This was not the only music-based memory of Saagar that will live long in the memory. Perhaps the most amusing moment I shared with him happened in the Aidan’s cafeteria. The summer ball act was about to be announced, and our lunch time conversation had turned to the one act or group (Dead or alive) we would most like to see perform live. We went around the table, and each person took a few minutes to consider their answer before saying somewhat predictable musical heavyweights from the last 50 years or so (from the Beatles’ to Tupac Shakur). The conversation then turned to Saagar, and he replied completely deadpan and without a moment’s hesitation with: Dido. The table erupted with laughter as nobody could believe that someone felt so passionately about what can only be described as elevator music but Saagar defended his decision with aplomb. From that point onwards – we decided to begin the rumor that Dido was going to be made the summer ball act, and much to our surprise –this went viral. So viral in fact, that Basshunter’s first few songs were drowned out with chanting from the crowd for Dido to come on. If the Aidan’s social chair is in the crowd – please take note. I can think of no better tribute than Life for Rent ringing around the halls of Aidan’s and it would be a massive improvement on that bloke we had last year. Whoever he was – he sounded like a cross between a digitally modified car crash and a Harrison Sand’s D.J. Set. Saagar did not approve.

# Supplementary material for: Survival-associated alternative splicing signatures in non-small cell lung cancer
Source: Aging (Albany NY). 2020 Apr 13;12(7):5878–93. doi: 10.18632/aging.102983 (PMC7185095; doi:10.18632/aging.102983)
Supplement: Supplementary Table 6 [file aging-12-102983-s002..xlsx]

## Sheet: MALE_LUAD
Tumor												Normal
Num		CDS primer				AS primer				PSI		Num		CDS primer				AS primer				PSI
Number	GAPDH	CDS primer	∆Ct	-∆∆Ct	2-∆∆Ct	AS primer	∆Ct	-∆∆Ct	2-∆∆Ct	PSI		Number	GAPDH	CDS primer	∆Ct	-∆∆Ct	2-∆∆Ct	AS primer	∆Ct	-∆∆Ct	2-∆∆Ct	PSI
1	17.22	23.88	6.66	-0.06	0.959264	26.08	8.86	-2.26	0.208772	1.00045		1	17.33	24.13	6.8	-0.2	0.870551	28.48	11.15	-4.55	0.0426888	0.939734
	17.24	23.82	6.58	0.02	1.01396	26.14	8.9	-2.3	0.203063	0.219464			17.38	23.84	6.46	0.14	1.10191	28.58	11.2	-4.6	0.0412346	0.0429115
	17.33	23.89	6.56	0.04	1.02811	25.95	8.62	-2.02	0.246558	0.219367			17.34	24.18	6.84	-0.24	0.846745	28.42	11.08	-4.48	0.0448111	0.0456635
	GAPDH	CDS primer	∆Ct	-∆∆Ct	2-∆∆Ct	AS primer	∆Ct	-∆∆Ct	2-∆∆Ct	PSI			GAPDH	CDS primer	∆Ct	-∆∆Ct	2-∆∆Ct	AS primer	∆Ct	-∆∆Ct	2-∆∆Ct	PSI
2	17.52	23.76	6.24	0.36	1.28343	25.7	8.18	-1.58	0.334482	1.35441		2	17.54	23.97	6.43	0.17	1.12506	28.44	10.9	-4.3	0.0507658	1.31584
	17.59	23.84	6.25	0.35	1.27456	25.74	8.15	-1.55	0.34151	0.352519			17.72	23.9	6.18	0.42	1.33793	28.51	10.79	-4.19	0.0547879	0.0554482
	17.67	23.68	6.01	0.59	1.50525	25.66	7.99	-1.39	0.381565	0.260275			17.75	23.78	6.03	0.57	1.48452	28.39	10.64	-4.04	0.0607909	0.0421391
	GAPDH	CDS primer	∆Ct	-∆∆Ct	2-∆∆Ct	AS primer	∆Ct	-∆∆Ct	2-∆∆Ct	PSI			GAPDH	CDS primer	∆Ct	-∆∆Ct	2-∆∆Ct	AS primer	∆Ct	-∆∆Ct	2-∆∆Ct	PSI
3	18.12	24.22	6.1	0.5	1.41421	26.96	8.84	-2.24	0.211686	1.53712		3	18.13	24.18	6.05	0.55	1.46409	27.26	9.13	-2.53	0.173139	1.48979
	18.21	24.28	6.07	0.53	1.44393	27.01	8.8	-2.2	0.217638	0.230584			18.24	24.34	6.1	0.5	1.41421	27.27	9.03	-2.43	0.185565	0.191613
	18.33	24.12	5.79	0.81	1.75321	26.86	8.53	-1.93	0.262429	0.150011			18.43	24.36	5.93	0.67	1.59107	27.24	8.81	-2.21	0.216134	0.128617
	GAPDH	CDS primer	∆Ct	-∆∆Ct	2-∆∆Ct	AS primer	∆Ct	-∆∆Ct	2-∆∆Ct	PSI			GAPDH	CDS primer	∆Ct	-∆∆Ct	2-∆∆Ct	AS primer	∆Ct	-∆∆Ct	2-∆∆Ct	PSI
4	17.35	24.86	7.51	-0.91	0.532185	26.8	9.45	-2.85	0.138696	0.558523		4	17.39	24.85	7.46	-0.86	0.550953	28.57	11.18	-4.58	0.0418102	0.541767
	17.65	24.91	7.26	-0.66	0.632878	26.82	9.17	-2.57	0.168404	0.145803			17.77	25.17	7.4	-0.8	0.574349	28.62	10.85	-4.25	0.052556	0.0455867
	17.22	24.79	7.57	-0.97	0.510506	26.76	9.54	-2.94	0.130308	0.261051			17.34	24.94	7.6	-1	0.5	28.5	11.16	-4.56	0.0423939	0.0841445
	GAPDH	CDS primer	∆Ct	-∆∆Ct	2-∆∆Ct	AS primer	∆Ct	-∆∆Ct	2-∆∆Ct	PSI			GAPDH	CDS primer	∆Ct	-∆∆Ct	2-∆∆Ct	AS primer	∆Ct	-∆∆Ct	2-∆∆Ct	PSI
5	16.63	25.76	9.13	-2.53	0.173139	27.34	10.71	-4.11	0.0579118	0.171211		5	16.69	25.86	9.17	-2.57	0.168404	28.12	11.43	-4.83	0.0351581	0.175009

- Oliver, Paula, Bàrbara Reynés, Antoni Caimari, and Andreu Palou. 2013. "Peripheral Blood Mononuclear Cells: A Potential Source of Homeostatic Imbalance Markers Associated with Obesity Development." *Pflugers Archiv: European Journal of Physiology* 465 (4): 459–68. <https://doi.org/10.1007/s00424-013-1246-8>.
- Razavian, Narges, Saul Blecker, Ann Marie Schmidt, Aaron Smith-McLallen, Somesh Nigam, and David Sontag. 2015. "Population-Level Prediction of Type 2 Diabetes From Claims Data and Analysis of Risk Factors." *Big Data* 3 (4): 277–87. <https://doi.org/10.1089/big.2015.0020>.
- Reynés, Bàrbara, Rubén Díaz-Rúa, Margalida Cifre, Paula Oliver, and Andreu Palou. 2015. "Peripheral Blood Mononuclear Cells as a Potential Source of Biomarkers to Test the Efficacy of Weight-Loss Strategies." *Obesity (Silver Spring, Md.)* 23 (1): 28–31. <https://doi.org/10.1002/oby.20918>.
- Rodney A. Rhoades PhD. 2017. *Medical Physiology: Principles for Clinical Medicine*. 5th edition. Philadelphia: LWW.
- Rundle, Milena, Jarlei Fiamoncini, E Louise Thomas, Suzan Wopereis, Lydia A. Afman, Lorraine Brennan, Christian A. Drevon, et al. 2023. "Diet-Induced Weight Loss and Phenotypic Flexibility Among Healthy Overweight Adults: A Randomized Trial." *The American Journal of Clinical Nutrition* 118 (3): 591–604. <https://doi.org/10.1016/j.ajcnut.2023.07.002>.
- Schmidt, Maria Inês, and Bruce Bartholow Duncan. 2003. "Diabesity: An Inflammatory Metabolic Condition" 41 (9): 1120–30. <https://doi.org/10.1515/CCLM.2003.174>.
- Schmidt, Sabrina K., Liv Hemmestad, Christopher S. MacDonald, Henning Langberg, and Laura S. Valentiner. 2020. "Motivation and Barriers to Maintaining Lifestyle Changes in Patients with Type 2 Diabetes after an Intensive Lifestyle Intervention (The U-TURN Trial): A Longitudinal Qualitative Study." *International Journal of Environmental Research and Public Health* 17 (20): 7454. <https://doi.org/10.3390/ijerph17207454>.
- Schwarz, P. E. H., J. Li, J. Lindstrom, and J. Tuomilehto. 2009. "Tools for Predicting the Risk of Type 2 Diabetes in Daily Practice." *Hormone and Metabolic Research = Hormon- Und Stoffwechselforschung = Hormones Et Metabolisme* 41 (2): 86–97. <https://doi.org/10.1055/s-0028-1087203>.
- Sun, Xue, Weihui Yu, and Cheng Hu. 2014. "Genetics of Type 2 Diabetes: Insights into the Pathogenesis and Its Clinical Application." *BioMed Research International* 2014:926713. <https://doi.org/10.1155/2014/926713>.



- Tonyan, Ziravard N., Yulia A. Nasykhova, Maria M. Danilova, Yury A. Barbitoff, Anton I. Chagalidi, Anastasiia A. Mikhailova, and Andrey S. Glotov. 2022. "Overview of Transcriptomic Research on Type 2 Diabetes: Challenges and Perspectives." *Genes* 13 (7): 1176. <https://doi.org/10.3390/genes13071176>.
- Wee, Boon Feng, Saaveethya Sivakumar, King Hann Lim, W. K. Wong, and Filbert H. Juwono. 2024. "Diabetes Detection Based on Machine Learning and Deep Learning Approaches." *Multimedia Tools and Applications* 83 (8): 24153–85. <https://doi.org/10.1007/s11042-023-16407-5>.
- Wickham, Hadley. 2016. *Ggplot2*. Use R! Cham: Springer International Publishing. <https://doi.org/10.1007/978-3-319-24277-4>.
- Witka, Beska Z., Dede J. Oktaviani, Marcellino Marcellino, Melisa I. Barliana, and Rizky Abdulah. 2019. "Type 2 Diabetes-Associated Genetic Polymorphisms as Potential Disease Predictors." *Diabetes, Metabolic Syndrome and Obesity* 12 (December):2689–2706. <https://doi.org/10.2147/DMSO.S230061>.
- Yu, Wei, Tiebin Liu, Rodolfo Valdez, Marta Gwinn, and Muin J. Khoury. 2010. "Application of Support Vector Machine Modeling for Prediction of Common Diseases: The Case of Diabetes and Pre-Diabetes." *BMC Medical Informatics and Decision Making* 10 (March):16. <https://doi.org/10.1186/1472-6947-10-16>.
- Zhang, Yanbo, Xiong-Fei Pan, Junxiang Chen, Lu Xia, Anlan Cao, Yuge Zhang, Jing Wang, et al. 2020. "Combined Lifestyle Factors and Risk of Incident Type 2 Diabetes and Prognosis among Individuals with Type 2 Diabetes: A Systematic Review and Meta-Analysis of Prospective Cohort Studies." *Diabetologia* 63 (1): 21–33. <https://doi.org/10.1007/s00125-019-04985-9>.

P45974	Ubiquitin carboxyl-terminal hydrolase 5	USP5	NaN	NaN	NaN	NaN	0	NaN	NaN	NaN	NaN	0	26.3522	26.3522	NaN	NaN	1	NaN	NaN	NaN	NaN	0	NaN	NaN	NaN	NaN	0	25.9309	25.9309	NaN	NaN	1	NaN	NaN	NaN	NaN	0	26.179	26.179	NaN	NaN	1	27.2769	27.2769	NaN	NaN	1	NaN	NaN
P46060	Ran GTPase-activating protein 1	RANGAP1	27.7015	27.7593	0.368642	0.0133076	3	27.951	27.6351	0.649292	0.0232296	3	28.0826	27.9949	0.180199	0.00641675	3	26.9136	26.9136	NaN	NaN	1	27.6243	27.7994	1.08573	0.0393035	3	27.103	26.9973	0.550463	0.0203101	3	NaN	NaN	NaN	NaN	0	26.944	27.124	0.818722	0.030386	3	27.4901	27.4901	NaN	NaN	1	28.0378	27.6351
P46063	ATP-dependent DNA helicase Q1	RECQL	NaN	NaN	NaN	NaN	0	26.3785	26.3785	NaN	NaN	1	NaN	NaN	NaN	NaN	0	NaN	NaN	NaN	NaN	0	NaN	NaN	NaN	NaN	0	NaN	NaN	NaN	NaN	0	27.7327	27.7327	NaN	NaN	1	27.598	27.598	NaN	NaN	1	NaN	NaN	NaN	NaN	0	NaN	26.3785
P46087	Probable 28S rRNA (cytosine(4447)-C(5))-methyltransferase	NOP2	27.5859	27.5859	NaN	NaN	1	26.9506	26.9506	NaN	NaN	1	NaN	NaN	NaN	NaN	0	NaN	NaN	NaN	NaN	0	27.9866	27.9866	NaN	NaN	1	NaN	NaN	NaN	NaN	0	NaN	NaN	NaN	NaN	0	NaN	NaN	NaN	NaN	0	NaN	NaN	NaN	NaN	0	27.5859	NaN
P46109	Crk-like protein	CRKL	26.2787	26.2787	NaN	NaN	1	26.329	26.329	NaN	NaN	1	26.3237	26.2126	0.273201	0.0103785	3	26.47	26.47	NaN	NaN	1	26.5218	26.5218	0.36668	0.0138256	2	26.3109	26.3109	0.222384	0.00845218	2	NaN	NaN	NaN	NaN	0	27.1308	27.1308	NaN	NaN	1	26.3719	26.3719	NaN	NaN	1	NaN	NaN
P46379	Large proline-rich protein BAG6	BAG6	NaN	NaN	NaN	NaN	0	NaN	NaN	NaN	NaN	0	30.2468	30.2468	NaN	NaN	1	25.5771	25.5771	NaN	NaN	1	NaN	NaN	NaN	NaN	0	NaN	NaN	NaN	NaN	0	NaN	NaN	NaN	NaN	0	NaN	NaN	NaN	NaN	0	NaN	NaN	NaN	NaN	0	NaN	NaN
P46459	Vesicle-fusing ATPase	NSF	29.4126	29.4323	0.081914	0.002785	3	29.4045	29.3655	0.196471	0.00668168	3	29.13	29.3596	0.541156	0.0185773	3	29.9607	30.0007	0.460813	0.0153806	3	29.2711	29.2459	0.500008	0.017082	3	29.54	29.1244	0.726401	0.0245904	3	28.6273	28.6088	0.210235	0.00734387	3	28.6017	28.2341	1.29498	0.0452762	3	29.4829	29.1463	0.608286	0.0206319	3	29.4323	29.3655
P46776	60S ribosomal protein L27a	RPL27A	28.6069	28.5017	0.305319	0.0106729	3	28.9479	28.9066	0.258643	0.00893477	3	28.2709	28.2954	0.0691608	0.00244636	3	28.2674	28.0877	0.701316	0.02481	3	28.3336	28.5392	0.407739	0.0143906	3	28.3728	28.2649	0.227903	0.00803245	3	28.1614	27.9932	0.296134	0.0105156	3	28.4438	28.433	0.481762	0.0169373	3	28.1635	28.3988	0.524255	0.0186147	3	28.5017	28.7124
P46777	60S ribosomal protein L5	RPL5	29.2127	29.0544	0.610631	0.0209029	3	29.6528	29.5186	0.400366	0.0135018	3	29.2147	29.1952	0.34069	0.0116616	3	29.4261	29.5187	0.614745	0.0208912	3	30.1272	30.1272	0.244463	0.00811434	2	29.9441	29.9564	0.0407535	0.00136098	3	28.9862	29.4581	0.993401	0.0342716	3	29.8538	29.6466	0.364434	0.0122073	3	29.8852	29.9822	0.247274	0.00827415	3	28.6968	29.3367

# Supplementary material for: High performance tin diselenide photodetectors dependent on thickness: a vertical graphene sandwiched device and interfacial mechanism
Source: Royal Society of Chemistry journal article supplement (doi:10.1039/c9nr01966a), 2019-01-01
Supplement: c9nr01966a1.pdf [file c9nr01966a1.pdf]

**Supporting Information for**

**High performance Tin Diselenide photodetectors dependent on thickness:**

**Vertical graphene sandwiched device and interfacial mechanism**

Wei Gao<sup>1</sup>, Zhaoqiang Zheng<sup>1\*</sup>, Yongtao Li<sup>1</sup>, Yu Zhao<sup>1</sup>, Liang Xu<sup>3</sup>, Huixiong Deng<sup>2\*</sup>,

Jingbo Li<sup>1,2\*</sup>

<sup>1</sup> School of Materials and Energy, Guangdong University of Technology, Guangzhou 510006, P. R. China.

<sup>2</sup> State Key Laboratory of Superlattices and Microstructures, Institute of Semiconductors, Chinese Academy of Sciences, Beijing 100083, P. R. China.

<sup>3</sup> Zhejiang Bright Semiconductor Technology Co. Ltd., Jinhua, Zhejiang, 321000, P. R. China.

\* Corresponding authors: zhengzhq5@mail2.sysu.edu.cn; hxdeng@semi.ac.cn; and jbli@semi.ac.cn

One thing Saagar would have approved of however, would be the number of people who have taken the time to attend this memorial today – and indeed, the number of people who turned up to his funeral and the memorial service hosted by his alma mater: Dulwich College. At both of these previous events, the audience was completely full with people who had come to pay their respect.